April 1, 1976 saw Belgium celebrate the 25th Jubilee of King Baudouin. Here are public and private scenes from some of the celebrations.
In 1964, British Pathé took footage during King Baudouin and Queen Fabiola’s official state visit to the Empire of Japan. Enjoy lovely Crown Princess Michiko – always chic and beautiful. There is a charming true story that unites King Baudouin with then Crown Prince Akohito. During a diplomatic stop-over for the King in Japan, Crown Prince Akihito requested to speak to Baudouin privately.
This generated much nervous buzz in the Belgian embassy, as it was highly unusual. Akihito requested Baudouin’s help getting his letters to Michiko in Europe, since she was supposedly sent there to separate the two. Baudouin took all of the letters Akihito had been trying to get the Japanese diplomatic corps to deliver to Europe in the pouches and the King delivered them himself to Michiko.
Additionally, he spoke to the Emperor on the behalf of Akihito and Michiko, helping pave the way for a beautiful marriage of the now Emperor and Empress of Japan. That is why Akihito and Michiko felt quite close to Baudouin and Fabiola and undoubtedly why Michiko paid her respects at Fabiola’s funeral in December 2014.
This footage is the sole property of British Pathé and they retain all legal rights. It is only presented here within the YouTube Plugin.
This week we will start a new series from the German magazine, Story. They have done a special edition in honor of Queen Fabiola after her death on 5 December 2014. Their story is Fabiola in 7 Anecdotes.
Dry Cheese and Milk On The Windowsill
During Baudouin’s reign, the menu was very basic at the Castle of Laken. It was the royal couple themselves who often turned out the lights at night. According to close aids, the motto of the royal couple was “no ostentatious luxury” and as the saying goes in Dutch, “every nickel was turned seven times before being spent.”
Even the receptions at the castle couldn’t be too expensive. A worker at the palace said that “it was a public secret that one didn’t eat very well at the palace back then.” At official ceremonies, staff had to make the rounds with “plates with dry cheese chunks, until people started laughing with it.”
Baudouin’s grand Marshal, Herman Liebaers, told how the royal couple received a thousand bottles of the grand-cru wine Hospice de Beaune as a wedding present. Sixteen years later, only fourteen bottles were empty. “When the weather was cold, the queen put the milk outside on the windowsill” says another worker at the palace. “She thought it was cozier and more homey than milk out of the fridge. But it was a strange sight seeing bottles of milk outside the window of the Palace of Laeken.”
Long after King Baudouin’s death, Fabiola took her own sandwiches with her when she was away during lunch. She would ask her chauffeur to stop for a while in a parking lot, so she could eat in the backseat. When she went away with her nieces and nephews on private occasions, she made the sandwiches herself.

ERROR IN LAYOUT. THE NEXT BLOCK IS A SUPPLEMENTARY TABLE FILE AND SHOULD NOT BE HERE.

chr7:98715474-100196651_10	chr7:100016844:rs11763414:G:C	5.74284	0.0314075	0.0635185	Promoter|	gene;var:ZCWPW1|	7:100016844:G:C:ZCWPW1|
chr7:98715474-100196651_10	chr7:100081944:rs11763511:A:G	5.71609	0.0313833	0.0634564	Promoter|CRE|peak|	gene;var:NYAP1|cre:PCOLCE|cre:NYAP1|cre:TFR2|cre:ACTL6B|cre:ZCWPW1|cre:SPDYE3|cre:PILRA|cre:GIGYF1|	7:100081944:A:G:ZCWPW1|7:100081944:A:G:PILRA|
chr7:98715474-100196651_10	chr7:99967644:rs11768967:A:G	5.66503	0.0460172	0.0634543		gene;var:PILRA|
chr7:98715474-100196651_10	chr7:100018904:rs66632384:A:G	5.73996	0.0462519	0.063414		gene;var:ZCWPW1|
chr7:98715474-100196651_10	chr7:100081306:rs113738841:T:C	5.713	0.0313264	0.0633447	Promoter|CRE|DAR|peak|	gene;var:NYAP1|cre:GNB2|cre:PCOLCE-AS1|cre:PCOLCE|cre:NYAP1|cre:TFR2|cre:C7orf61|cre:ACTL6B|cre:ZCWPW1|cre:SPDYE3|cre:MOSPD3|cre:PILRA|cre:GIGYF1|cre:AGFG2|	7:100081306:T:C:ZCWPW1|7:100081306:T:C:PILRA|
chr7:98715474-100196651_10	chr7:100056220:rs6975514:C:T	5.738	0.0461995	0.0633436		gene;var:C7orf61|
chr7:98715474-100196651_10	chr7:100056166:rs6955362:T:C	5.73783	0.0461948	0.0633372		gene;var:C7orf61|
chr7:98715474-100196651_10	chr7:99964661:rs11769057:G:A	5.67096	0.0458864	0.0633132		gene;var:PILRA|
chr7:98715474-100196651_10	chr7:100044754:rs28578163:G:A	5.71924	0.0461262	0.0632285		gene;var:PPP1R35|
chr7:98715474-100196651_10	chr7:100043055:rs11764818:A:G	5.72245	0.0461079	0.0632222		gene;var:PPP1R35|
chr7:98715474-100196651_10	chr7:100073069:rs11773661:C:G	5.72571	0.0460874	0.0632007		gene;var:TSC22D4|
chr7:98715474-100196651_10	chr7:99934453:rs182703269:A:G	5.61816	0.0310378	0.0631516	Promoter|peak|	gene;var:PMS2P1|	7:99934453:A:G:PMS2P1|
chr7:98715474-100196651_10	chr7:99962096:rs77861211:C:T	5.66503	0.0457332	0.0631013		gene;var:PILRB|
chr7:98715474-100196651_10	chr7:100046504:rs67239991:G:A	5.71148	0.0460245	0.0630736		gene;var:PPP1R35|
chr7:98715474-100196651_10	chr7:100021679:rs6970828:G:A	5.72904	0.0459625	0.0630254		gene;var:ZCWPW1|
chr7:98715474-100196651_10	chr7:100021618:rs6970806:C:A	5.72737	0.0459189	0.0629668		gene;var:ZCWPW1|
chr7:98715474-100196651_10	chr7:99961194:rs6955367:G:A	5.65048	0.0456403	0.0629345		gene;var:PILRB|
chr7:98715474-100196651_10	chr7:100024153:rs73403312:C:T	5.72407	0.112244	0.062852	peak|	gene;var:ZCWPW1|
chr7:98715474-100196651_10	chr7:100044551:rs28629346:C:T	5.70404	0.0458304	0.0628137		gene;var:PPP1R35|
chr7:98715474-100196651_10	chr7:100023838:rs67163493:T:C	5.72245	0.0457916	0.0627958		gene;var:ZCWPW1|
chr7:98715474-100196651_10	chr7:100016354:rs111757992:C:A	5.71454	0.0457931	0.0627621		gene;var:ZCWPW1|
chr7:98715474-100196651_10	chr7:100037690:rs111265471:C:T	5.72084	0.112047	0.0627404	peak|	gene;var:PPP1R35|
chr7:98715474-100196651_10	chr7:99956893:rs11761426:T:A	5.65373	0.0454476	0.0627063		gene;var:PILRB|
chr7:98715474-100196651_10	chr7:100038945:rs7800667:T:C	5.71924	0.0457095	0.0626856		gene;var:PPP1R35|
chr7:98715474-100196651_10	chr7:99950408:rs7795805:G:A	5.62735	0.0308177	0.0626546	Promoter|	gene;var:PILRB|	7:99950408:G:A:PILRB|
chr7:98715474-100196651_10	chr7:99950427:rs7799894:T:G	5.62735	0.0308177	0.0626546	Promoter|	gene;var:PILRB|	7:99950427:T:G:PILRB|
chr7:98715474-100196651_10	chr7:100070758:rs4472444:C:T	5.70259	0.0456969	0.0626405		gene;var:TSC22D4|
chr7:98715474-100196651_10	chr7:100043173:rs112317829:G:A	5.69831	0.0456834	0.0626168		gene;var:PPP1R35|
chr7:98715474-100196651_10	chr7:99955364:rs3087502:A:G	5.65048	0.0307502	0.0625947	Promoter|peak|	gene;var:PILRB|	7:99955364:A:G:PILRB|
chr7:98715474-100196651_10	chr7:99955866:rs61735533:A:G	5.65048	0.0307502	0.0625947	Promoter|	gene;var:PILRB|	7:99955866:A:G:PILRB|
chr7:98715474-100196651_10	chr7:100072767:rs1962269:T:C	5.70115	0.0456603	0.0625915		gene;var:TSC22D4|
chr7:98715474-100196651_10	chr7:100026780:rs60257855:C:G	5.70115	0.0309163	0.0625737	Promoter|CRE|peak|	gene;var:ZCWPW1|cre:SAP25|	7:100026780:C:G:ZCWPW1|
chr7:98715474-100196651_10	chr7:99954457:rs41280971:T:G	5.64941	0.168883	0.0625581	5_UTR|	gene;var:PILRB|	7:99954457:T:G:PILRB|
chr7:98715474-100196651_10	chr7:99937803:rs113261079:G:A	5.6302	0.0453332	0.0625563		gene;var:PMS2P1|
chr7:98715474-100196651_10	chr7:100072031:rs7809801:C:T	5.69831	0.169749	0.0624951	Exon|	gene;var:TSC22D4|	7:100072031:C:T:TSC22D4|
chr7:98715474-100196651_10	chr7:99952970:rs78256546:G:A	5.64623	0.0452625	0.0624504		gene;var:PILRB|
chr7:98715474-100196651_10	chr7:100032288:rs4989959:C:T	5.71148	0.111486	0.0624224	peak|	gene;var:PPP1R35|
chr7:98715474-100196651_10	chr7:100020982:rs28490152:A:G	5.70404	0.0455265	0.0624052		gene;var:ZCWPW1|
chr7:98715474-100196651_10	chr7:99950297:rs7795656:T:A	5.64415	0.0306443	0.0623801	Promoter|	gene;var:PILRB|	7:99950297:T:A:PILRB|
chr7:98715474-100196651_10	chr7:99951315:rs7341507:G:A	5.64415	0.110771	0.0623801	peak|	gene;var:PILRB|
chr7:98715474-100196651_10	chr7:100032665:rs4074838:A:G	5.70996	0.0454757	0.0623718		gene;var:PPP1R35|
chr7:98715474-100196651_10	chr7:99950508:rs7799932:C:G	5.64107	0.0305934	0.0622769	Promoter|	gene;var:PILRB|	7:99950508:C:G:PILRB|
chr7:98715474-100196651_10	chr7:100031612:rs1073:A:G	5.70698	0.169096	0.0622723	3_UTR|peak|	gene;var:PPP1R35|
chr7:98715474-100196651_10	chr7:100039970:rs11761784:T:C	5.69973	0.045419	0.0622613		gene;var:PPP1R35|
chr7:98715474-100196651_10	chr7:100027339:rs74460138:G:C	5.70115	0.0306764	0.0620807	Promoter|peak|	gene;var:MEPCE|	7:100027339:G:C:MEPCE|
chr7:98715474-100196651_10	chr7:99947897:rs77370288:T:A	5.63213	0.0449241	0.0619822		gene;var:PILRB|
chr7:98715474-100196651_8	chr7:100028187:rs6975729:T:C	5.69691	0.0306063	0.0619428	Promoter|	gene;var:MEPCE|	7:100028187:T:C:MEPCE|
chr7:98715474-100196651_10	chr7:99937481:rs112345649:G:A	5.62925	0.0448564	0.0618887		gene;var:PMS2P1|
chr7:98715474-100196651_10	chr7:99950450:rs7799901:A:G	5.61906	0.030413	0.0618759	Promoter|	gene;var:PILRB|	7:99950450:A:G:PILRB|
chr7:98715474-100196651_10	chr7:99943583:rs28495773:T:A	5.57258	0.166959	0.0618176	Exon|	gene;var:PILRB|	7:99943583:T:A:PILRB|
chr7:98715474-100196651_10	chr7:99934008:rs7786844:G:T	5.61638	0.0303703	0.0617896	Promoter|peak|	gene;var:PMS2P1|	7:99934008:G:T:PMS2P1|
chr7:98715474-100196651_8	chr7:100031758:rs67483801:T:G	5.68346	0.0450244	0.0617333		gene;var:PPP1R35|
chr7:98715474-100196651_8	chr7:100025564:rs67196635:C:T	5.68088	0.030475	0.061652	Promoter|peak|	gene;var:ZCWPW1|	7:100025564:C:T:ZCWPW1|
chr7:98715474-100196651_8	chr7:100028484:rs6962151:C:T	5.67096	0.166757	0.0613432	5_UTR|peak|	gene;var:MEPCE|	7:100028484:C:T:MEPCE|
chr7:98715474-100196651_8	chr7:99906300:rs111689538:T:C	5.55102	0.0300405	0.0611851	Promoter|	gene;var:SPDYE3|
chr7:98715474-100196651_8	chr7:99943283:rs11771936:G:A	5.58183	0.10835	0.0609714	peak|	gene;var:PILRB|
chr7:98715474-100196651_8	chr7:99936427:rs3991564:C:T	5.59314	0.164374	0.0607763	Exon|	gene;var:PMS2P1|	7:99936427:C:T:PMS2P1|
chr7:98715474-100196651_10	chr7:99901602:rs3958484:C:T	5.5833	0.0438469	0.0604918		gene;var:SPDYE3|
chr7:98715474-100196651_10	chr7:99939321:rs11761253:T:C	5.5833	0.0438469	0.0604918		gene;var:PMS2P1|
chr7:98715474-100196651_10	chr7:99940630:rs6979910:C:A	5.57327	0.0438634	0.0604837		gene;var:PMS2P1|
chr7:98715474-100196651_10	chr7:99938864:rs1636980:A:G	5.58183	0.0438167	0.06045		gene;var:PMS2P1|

I would like to thank a dear friend, Isabelle from Belgium, for her work as translator of this story. Thank you, my friend.
I’ve always been a casual student of royal history and particularly certain families which spark my interest. Recently I’ve been philosophically reflecting upon biblical and historical teachings on righteousness. There are some people that truly seem to live out Romans 6 as slaves to sin, but King Baudouin of Belgium certainly wasn’t one. He was a slave to righteousness. God reckoned him righteous and he was, indeed, a righteous man. And, when it came time to choose his queen, he likewise chose a righteous woman. This is where two of my interests intersected. The more I studied Baudouin and Fabiola, the more I was inspired by their lives, their words, their smiles. I had some rather good (I hope you agree) posts on some royal forums and didn’t want to lose track of any of that information, so I decided to start this blog. There is a companion YouTube Playlist and Pinterest board where I try to bring something NEW, not just the same pictures and the same subjective ideas. I hope you enjoy this blog. It is meant to inspire as I have been inspired by these two righteous souls.
Born Sept. 7, 1930, Stuyvenberg Castle, near Brussels, Belgium
Died July 31, 1993, VIlla Astrida – Motril, Spain
King of the Belgians – The son of King Leopold III, Baudouin lived with his family under house arrest in German-occupied Belgium during World War II. After postwar exile in Switzerland, Baudouin became king on his father’s abdication (1951). He helped restore confidence in the monarchy after the stormy reign of his father and became a unifying force in a country divided between Flemish- (Dutch- ) and French-speaking factions. Because Baudouin and his wife, Fabiola, were childless, he was succeeded by his brother, Albert II.
Music: Salvation for a Proud Nation – Immediate – Trailerhead: Saga
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